ESOP Association Blog

Avoid the Empty Promise of Ownership

Kyla Alterman, Workplace Development, Inc.
business people shaking hands

Is your ESOP providing the promised employee motivation, enhanced customer satisfaction and improved profitability? If no, you’re not alone. While studies have demonstrated ESOPs can be powerful tools to strengthen company performance and employee morale and retention, these results are only achieved if stock ownership is combined with a strong employee-owned culture. 

It’s never too late to start or improve the tools you use to get the most out of shared ownership.


Frequently communicate your ESOP to employees

Have you ever heard the old marketing adage that a person needs to see or hear something seven times before they will act? For ESOP companies, that means repeating information about your ESOP many times in different ways. Start with what your company already does to communicate with employees. For example, if employees have weekly meetings with a supervisor or quarterly all-team gatherings, can you add 5-10 minutes of ESOP or business training into those meetings? Communicate in different ways to capture the attention of as many employees as possible and appeal to all learning styles. Use a mix of written, visual and audio materials and include interactive activities during in-person and virtual events. 

Putting effort into frequent ESOP communication will pay dividends when your employees feel the cultural difference of being a part of an ESOP. 


Be clear about employee owner roles and responsibilities

There are many ways to make employees feel like owners, but the first step is to set them up with realistic expectations. Training employees on their rights and responsibilities enables them to understand what employee ownership is at your company and what it is not. If roles and responsibilities are not addressed at your ESOP, it can lead to misunderstandings and dissatisfaction among employees who thought they would have more input and control of the company like they do with owning a house or car. When employees understand what they have influence over and what they do not, it leads to better results and a happier workforce.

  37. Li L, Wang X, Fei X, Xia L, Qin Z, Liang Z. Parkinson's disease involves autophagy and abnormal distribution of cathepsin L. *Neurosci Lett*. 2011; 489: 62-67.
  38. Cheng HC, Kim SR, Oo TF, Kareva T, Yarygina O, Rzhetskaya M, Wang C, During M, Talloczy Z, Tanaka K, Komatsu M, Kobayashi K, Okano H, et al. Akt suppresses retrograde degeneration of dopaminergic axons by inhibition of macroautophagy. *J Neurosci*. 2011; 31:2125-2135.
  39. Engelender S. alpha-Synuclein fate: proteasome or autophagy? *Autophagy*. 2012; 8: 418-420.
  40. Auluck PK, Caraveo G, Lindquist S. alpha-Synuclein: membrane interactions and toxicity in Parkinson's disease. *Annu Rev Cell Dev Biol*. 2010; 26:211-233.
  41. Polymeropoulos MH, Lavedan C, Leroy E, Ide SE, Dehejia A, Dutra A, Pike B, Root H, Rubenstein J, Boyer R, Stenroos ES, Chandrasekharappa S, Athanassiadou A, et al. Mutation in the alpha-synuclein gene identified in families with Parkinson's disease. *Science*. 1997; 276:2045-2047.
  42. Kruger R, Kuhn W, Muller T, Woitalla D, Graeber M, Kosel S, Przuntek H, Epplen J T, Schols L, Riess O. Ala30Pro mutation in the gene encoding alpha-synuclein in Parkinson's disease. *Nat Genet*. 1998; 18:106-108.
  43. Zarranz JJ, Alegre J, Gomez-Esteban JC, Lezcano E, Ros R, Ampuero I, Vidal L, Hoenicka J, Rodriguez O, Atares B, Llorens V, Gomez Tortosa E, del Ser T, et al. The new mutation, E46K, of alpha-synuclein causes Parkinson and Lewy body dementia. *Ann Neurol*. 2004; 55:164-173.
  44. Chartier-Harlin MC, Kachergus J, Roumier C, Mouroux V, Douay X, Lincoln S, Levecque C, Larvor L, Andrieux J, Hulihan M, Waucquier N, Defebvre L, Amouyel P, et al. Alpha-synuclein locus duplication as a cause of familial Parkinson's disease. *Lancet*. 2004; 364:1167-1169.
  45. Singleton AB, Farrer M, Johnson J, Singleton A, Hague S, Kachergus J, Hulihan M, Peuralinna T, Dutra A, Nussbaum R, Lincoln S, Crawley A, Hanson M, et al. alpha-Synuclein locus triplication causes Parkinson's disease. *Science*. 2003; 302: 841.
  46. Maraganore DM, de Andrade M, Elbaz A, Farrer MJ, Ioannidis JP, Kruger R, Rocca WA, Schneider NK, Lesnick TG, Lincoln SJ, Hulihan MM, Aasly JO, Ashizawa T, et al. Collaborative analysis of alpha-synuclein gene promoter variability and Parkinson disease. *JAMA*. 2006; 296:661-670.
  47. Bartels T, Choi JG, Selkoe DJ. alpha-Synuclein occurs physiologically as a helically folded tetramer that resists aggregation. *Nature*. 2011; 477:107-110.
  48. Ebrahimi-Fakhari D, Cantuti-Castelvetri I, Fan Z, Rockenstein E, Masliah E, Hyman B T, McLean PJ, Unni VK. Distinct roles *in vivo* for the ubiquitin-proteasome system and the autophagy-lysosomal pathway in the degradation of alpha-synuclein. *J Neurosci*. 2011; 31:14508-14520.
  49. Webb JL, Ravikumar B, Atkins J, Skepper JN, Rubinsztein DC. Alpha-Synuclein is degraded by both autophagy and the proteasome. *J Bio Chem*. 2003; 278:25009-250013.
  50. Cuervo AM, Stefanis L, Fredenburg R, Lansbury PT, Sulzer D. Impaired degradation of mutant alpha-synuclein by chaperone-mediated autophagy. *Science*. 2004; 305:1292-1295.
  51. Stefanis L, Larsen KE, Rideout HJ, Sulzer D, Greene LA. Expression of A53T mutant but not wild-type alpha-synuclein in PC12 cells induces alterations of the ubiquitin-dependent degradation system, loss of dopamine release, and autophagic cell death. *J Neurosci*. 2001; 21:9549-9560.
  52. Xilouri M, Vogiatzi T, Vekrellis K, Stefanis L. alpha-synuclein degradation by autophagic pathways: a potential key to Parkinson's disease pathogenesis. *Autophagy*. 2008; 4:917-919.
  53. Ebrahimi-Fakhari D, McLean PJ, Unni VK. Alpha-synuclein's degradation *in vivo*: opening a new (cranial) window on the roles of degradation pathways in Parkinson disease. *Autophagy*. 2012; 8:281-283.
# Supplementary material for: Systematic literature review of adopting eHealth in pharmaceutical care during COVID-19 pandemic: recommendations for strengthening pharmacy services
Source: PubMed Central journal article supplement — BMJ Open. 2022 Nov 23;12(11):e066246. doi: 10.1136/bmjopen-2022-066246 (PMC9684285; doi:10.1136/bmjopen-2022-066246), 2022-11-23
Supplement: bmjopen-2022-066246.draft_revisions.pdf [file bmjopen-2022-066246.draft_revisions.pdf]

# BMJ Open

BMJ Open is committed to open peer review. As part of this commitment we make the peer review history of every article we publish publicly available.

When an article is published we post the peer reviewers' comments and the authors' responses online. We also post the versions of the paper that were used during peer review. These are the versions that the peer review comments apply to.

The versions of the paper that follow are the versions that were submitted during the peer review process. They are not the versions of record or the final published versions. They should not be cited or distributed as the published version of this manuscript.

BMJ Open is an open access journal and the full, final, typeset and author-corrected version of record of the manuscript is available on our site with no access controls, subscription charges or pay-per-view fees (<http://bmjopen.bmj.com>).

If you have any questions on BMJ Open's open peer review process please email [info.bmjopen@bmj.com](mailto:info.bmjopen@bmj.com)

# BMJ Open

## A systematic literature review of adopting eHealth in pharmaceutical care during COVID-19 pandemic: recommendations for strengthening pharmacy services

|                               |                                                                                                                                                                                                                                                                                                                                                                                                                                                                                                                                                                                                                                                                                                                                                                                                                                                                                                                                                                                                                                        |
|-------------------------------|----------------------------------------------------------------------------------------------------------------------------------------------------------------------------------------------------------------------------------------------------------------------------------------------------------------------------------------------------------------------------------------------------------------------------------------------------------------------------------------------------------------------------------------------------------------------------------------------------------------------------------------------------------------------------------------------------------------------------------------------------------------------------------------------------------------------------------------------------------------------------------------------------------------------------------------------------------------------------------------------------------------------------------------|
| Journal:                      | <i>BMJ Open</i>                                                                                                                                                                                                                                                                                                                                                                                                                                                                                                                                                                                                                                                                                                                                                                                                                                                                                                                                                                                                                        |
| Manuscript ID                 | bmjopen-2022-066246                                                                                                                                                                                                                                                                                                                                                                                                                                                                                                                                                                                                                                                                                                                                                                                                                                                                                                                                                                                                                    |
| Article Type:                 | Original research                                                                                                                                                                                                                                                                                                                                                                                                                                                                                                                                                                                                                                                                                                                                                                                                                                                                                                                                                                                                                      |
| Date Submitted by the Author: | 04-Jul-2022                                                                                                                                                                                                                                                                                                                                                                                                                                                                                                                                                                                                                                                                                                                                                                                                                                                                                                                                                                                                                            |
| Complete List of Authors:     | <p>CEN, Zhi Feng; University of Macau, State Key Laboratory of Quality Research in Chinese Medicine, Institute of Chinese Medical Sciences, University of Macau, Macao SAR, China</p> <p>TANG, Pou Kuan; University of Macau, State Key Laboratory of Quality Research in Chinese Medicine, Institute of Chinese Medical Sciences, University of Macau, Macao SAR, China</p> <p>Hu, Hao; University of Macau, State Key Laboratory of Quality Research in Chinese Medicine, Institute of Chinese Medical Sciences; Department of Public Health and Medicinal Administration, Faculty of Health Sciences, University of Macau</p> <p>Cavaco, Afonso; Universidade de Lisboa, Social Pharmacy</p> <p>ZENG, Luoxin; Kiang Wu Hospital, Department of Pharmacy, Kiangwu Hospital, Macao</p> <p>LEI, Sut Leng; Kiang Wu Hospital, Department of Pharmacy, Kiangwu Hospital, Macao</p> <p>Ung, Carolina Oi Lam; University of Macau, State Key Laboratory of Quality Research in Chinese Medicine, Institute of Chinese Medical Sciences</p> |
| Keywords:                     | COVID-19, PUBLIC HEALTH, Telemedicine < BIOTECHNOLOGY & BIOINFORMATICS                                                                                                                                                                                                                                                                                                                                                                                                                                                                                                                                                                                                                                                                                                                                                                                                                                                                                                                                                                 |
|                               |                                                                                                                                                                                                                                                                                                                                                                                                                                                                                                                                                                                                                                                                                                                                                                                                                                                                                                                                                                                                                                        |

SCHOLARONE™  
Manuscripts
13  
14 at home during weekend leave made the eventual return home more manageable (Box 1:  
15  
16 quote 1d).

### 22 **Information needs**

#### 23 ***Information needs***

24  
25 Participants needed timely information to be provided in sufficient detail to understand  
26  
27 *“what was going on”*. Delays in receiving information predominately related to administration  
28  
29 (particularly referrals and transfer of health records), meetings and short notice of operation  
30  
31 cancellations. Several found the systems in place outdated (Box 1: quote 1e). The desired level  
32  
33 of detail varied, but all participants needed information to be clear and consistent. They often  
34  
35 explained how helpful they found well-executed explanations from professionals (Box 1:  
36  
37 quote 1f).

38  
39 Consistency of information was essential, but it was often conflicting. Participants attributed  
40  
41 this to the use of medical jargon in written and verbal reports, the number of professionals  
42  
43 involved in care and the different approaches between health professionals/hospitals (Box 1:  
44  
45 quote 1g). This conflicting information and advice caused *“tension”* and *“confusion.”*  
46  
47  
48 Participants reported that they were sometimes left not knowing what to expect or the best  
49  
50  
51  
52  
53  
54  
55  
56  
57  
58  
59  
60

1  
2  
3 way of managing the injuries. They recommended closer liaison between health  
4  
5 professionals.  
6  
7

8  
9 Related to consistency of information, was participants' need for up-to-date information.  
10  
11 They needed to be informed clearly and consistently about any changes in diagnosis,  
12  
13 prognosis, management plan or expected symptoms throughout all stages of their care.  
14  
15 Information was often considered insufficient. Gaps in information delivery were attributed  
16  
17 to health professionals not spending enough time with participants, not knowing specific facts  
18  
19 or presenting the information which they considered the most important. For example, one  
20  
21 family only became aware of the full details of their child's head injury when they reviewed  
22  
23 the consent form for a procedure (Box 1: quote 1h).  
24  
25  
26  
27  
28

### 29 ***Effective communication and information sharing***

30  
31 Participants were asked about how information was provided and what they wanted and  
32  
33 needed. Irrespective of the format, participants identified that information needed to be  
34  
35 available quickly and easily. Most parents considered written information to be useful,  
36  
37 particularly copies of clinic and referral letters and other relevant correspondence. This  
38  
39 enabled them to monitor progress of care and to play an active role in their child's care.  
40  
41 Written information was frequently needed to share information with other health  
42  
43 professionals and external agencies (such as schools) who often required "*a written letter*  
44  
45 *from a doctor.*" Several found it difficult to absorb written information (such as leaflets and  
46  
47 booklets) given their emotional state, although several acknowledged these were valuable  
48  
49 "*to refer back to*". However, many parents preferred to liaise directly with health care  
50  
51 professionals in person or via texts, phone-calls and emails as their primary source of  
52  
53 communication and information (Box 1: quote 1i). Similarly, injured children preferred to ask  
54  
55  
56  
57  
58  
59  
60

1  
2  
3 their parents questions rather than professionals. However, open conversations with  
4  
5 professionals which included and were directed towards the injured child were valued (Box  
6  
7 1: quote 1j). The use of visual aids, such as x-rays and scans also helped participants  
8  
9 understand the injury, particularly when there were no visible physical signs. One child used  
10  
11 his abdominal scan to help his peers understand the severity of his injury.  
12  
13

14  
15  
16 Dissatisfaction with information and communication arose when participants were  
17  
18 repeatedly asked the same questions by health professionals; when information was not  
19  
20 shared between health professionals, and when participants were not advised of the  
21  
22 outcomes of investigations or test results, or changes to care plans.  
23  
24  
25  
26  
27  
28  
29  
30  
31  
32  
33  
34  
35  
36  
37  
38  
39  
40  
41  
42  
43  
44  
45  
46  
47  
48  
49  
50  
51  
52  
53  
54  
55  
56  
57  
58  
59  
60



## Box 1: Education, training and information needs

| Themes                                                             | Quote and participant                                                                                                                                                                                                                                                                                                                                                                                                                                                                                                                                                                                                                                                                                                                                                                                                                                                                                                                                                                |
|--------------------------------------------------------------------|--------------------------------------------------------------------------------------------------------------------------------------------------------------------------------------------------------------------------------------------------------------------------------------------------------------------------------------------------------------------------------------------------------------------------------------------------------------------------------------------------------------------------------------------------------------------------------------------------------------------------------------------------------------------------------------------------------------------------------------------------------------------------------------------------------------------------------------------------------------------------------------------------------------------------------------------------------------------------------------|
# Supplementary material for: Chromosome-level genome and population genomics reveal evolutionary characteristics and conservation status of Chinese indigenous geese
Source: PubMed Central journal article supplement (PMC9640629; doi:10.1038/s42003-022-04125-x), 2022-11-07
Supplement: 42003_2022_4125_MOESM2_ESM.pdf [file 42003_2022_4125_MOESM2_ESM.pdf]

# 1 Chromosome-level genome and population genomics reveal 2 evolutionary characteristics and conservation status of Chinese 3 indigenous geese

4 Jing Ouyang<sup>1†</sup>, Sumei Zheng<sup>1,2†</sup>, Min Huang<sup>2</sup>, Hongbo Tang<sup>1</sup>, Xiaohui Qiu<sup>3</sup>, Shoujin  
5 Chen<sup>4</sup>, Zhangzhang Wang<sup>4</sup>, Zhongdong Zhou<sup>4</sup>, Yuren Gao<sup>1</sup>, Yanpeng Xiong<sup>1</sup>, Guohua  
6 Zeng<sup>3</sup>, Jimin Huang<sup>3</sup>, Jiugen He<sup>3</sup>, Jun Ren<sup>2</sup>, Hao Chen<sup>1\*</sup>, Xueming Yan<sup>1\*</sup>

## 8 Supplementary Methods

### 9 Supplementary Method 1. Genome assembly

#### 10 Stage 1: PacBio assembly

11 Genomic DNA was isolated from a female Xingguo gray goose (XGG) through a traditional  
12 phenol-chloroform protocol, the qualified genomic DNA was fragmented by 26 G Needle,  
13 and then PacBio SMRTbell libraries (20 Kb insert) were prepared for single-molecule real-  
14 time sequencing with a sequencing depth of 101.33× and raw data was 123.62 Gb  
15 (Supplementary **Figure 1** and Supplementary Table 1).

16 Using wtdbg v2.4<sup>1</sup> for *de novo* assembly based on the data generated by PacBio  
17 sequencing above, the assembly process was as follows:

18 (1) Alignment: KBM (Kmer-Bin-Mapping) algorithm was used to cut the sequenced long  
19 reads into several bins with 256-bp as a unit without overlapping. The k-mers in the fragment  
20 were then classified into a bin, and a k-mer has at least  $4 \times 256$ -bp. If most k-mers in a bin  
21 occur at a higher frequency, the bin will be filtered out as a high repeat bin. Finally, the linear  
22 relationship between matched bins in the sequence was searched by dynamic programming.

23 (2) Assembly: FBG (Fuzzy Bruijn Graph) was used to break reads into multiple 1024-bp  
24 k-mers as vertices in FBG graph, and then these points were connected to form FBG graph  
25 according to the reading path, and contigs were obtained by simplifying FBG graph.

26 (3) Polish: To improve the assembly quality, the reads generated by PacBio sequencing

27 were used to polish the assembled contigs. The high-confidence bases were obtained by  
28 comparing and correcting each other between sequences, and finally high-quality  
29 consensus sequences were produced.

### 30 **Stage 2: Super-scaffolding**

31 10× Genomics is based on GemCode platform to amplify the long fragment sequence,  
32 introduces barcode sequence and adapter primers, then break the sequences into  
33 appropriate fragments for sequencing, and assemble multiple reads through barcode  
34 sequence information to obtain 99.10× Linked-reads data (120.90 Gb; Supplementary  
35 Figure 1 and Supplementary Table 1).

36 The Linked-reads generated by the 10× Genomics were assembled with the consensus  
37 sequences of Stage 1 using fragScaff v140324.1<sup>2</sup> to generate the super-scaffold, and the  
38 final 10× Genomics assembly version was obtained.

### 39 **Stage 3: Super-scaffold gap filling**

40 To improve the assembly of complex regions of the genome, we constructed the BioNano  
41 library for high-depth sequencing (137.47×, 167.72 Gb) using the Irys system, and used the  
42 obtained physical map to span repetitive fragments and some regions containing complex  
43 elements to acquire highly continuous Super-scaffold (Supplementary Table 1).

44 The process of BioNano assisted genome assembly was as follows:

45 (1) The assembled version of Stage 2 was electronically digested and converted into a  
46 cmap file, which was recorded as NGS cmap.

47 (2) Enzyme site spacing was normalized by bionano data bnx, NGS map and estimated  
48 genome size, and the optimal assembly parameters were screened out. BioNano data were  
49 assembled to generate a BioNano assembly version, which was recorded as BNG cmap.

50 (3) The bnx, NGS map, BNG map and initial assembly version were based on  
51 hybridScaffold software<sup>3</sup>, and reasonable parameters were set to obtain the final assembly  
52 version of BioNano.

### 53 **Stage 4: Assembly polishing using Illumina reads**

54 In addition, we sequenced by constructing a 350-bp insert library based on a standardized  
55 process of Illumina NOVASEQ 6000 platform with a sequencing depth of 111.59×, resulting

Opportunities like an ESOP committee or employee work teams can provide additional avenues to strengthen your ownership culture, but the key is to be realistic with expectations. If you create a committee or work team, be specific about the goal of the group and if the committee has ultimate decision-making capabilities or is simply advisory. Both forms of participation are valid and beneficial, but leadership must be clear on which type it is. To keep up morale, make sure participation boundaries are set and communicated to all.  


Improve communication about performance 

The surest way to get employees to start thinking and acting like owners is to communicate, “How are we doing?” 

For some companies the story is told using financial results – some would call this open book management. If that’s not for you, there are other techniques you can adopt for greater business transparency. Regularly sharing some performance results will help employees understand how their daily work contributes to the bottom line. Annual statements and stock-value activities are another opportunity to tell the business story. Make these numbers mean something by offering business training to ensure everyone is speaking the same language. Interactive learning games can explain and solidify these concepts for employees. An employer who shows you how you matter, brings you into the story and shares successes with you is a company that can attract and keep talented individuals looking for more purpose. People stay in jobs where they feel like they belong.    


Make sure you have the right people in the right seats

To borrow a metaphor from the book Good to Great, an ESOP company needs the right people in the right seats on the bus to be successful. That starts with the management team. Does your leadership team believe that employee owners can have an impact on improving performance in job-level actions, or do they see employee input as a burden? Do they accept the challenges and headaches of running a participatory business or do they function like feudal lords dominating their fiefdoms? Do all members of the management team share these core values? Think over these questions and consider if your current management team is an asset or an obstacle to the ownership culture you want to foster. 

When you become employee owned, the ESOP gives you an opportunity to manage the firm in a different way. Not just talking about employees as assets, but believing they are and treating them as skilled, professional adults. Leaders who invest in employees, raise them up, recognize their good work, and welcome feedback create the kind of place where people want to remain.    

Building a company of informed, involved employee owners takes time, effort, and action. Commit to making ownership more meaningful at your company so there is no chance it could be perceived as an empty promise.


Read more articles like this one in the ESOP Report >>